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Penney is the day's biggest stock loser

Associated Press Modified: November 12, 2012 at 8:46 pm •  Published: November 12, 2012
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NEW YORK (AP) — J.C. Penney Co. executives may be confident in the department-store chain's everyday low pricing strategy, but its investors are panicking.

The company's stock fell more than 13 percent on Monday — the biggest percentage decline by far for the day among big companies in the S&P 500 index. Penney stock lost nearly $3 to close at just under $18, its lowest price since March 2009 when the United States was in a deep recession.

The drop follows Standard & Poor's move to lower Penney's credit rating deeper into junk status on Friday. And that came on the same day that the company reported its third consecutive quarter of big losses and sales declines since it decided earlier this year to get rid of hundreds of coupons and sales annually in favor of predictable low prices every day.

It's the latest sign that Wall Street isn't any happier with Penney's pricing than Main Street is. Investors had pushed Penney stock up 24 percent to about $43 after the company announced the pricing plan in late January. But customers haven't warmed to Penney's pricing, and investors have grown cold on the stock. With Monday's drop, Penney's stock has lost nearly half of its value this year.

Penney, which announced its plans for the holiday shopping season on Monday, did not immediately respond to requests seeking comment about its stock price. But in a meeting on Friday with investors, executives assured them that the company has enough money to continue with the strategy.

CEO Ron Johnson, the mastermind behind Apple Inc. stores who took the top job at Penney a year ago, also reiterated his confidence in the plan and said returning the company to growth is "Job. No. 1." Additionally, he touted the early success of the makeover Penney began this fall of 700 of its 1,100 stores with 10 sectioned-off shops inside each that feature different brands such as Levi's and Penney's new JCP line of casual clothes.

"The CEO was selling the hope, but now investors are looking at what the company will look like in the first half of the year," said Brian Sozzi, a chief equities analyst for research firm NBG Productions who follows the company. "Investors are digesting the reality."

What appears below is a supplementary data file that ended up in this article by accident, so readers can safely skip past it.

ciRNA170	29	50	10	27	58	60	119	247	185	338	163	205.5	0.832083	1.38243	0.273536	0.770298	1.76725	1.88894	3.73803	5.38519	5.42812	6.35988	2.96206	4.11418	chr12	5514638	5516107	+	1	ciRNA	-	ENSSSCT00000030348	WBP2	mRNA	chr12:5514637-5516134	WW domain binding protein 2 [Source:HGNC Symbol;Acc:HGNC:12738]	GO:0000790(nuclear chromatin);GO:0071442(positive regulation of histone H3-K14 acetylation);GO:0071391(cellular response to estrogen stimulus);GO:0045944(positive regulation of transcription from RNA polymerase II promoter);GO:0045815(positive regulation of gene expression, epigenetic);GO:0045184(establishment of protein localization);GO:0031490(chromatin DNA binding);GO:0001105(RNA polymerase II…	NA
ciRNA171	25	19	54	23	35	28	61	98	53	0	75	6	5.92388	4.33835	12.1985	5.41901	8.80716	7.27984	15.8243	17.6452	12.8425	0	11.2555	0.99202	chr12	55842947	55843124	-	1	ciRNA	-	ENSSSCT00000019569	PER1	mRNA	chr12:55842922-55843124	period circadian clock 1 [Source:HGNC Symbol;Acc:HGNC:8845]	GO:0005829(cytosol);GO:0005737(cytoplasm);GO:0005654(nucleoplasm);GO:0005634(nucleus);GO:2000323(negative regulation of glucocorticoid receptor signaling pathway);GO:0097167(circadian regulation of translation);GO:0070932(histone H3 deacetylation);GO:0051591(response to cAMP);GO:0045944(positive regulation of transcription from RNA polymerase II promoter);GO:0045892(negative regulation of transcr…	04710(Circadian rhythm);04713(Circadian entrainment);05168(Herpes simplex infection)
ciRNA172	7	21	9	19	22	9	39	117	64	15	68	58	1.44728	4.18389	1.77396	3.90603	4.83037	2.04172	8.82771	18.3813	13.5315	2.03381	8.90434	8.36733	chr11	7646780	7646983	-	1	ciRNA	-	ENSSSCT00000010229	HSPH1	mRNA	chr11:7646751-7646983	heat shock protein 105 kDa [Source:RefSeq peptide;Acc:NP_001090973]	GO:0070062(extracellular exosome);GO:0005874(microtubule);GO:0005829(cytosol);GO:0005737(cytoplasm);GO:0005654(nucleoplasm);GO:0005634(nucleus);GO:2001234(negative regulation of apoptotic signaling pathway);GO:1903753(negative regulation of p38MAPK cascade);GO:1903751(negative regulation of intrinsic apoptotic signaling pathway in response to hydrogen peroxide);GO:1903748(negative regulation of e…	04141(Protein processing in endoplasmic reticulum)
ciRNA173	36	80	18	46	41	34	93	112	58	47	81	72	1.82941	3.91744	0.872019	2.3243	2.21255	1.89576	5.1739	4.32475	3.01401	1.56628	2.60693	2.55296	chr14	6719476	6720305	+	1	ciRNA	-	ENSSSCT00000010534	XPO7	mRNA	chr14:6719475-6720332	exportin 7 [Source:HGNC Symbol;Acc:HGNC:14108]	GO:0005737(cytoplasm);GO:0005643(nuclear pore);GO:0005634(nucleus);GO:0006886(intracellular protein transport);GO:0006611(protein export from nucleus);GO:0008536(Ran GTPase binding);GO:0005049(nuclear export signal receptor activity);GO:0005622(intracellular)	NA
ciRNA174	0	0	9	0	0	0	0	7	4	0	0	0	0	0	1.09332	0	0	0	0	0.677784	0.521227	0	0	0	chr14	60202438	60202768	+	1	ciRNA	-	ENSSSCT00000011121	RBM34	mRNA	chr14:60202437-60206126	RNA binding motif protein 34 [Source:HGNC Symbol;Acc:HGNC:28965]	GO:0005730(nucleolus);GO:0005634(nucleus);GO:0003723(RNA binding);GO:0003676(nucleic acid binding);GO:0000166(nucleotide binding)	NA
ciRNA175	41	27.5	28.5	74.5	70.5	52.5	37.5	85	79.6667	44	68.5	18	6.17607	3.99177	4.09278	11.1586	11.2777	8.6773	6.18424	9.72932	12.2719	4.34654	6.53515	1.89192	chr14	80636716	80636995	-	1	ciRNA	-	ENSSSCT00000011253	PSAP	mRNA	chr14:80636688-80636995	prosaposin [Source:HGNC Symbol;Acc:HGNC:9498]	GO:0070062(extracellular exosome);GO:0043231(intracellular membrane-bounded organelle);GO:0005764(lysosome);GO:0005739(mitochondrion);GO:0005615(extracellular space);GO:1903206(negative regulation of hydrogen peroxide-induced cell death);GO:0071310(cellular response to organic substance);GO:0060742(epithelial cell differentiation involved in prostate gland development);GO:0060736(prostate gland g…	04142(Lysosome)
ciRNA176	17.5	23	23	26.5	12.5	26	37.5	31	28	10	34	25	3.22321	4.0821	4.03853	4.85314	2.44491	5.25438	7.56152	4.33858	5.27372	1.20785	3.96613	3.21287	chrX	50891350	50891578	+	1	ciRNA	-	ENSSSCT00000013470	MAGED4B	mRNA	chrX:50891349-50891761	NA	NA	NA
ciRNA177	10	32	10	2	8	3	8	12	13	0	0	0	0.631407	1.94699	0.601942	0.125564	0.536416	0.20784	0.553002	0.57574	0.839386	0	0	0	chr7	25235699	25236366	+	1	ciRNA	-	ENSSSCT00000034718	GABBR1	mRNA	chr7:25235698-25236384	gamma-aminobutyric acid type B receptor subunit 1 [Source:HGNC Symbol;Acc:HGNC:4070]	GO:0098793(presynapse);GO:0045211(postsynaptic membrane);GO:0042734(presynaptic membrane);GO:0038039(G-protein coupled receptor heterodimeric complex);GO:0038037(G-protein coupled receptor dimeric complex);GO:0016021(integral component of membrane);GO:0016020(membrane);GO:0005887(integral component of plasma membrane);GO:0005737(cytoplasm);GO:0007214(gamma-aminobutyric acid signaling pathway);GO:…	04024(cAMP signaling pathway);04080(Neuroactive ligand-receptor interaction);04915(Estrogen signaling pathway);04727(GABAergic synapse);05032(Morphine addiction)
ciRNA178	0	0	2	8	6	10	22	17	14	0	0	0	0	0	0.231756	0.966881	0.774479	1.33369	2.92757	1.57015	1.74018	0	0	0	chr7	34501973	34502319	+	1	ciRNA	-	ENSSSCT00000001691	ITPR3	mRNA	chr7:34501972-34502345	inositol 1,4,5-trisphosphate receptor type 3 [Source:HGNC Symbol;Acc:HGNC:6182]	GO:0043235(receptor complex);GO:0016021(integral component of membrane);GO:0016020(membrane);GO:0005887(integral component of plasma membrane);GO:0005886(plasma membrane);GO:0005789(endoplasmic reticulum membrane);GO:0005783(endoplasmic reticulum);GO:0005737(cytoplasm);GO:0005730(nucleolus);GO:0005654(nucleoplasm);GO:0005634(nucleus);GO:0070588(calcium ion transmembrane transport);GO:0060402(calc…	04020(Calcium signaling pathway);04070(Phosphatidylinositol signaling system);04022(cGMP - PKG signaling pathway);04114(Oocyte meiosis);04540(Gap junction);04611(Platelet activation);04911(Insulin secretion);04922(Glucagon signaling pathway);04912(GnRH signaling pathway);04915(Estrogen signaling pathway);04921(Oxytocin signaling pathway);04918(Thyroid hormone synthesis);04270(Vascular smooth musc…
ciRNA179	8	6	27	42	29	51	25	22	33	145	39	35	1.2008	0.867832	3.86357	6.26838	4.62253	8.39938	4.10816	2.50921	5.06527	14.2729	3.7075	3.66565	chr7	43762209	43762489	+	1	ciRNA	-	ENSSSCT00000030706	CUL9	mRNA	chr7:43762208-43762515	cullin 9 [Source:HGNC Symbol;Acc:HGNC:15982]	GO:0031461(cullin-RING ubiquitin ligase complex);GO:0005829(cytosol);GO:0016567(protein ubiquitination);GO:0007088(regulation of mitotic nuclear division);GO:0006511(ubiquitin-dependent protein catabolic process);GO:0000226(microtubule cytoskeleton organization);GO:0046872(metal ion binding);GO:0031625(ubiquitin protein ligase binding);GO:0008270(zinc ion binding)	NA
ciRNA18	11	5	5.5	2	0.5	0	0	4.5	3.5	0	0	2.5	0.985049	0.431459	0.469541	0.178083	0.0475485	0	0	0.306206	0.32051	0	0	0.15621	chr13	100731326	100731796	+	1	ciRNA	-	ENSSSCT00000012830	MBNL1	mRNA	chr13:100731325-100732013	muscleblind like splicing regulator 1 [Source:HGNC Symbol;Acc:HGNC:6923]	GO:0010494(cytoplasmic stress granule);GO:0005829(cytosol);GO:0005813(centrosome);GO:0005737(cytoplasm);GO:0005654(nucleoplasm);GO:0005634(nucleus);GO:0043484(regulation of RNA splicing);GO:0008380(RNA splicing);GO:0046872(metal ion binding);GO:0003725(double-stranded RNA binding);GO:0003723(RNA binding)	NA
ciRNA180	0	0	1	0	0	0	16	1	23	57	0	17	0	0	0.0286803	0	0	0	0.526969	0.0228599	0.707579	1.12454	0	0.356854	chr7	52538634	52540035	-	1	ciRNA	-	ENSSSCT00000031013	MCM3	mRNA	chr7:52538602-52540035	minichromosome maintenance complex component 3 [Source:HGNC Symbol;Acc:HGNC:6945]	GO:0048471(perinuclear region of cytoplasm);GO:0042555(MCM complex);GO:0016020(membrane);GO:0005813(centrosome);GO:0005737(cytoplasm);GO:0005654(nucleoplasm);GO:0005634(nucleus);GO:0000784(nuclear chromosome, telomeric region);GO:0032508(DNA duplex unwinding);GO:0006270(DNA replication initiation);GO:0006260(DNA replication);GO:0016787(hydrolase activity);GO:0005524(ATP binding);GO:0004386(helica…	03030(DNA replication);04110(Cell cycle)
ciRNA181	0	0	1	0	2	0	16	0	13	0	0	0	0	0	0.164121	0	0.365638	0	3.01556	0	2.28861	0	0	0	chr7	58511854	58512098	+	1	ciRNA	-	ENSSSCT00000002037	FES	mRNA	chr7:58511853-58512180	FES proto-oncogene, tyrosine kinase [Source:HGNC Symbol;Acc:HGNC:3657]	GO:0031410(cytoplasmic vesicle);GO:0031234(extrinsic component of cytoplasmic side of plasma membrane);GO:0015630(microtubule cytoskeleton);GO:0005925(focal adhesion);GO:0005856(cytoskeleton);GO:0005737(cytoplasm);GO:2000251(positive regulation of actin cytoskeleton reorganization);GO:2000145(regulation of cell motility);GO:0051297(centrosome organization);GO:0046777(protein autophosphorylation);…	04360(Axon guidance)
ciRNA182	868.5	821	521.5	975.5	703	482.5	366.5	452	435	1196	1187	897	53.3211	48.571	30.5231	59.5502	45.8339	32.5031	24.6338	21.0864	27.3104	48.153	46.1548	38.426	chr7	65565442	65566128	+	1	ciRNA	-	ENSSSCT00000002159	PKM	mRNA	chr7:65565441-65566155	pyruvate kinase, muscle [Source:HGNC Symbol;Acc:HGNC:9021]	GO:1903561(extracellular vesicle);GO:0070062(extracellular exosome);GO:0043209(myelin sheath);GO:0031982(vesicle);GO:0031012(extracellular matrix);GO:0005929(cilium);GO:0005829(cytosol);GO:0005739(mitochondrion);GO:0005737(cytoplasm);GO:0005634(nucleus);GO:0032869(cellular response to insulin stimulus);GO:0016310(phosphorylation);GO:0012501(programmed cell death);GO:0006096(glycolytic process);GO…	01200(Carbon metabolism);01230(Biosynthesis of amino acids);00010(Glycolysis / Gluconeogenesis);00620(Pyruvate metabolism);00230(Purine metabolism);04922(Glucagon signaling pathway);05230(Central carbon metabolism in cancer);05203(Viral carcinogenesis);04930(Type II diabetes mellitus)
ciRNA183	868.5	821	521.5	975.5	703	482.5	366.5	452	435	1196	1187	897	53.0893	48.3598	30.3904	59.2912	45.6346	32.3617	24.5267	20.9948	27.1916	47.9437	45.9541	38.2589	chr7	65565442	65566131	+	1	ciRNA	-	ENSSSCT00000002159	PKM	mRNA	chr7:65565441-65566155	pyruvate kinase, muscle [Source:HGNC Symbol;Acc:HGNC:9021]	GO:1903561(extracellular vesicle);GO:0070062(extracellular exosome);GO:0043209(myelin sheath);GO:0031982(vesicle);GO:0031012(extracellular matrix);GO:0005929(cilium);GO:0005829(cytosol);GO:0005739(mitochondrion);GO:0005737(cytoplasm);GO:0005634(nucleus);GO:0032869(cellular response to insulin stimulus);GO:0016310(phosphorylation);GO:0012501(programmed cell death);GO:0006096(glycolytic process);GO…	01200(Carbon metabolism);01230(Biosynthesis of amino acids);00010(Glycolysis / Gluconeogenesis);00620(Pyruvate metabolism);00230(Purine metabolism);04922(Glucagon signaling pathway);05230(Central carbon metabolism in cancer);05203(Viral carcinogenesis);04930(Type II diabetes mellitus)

The reality is a lot harsher than Johnson imagined when he rolled out his pricing plan on Feb. 1. The goal was to wean customers off of the deep discounts that they'd become addicted to, but that were eroding profits.

He got rid of coupons and nearly 600 sales Penney offered at various times throughout the year. In their place, the company rolled out a three-tiered strategy that permanently lowered prices on all items in the store by 40 percent, offered monthlong deeper discounts on select merchandise and added periodic clearance events throughout the year.

But as Penney's coupons and sales disappeared, so did its customers. The company's losses and sales declines began to pile up. Johnson made some tweaks to the pricing plan — he got rid of the monthlong sales events in August. But that didn't help.

On Friday, Penney reported its third consecutive quarterly loss that missed Wall Street estimates. The company, based in Plano, Texas, said it lost 56 cents per share, or $123 million, in the quarter ended Oct. 27. Revenue dropped nearly 27 percent to $2.93 billion. Analysts had expected a loss of 15 cents a share on revenue of $3.27 billion.

Revenue at stores open at least a year — a key measure of a retailer's health — plummeted about 26 percent. That's higher than the 17.6 percent drop analysts had been expecting. Meanwhile, the number of customers coming into the store dropped 12 percent from the year-ago period.

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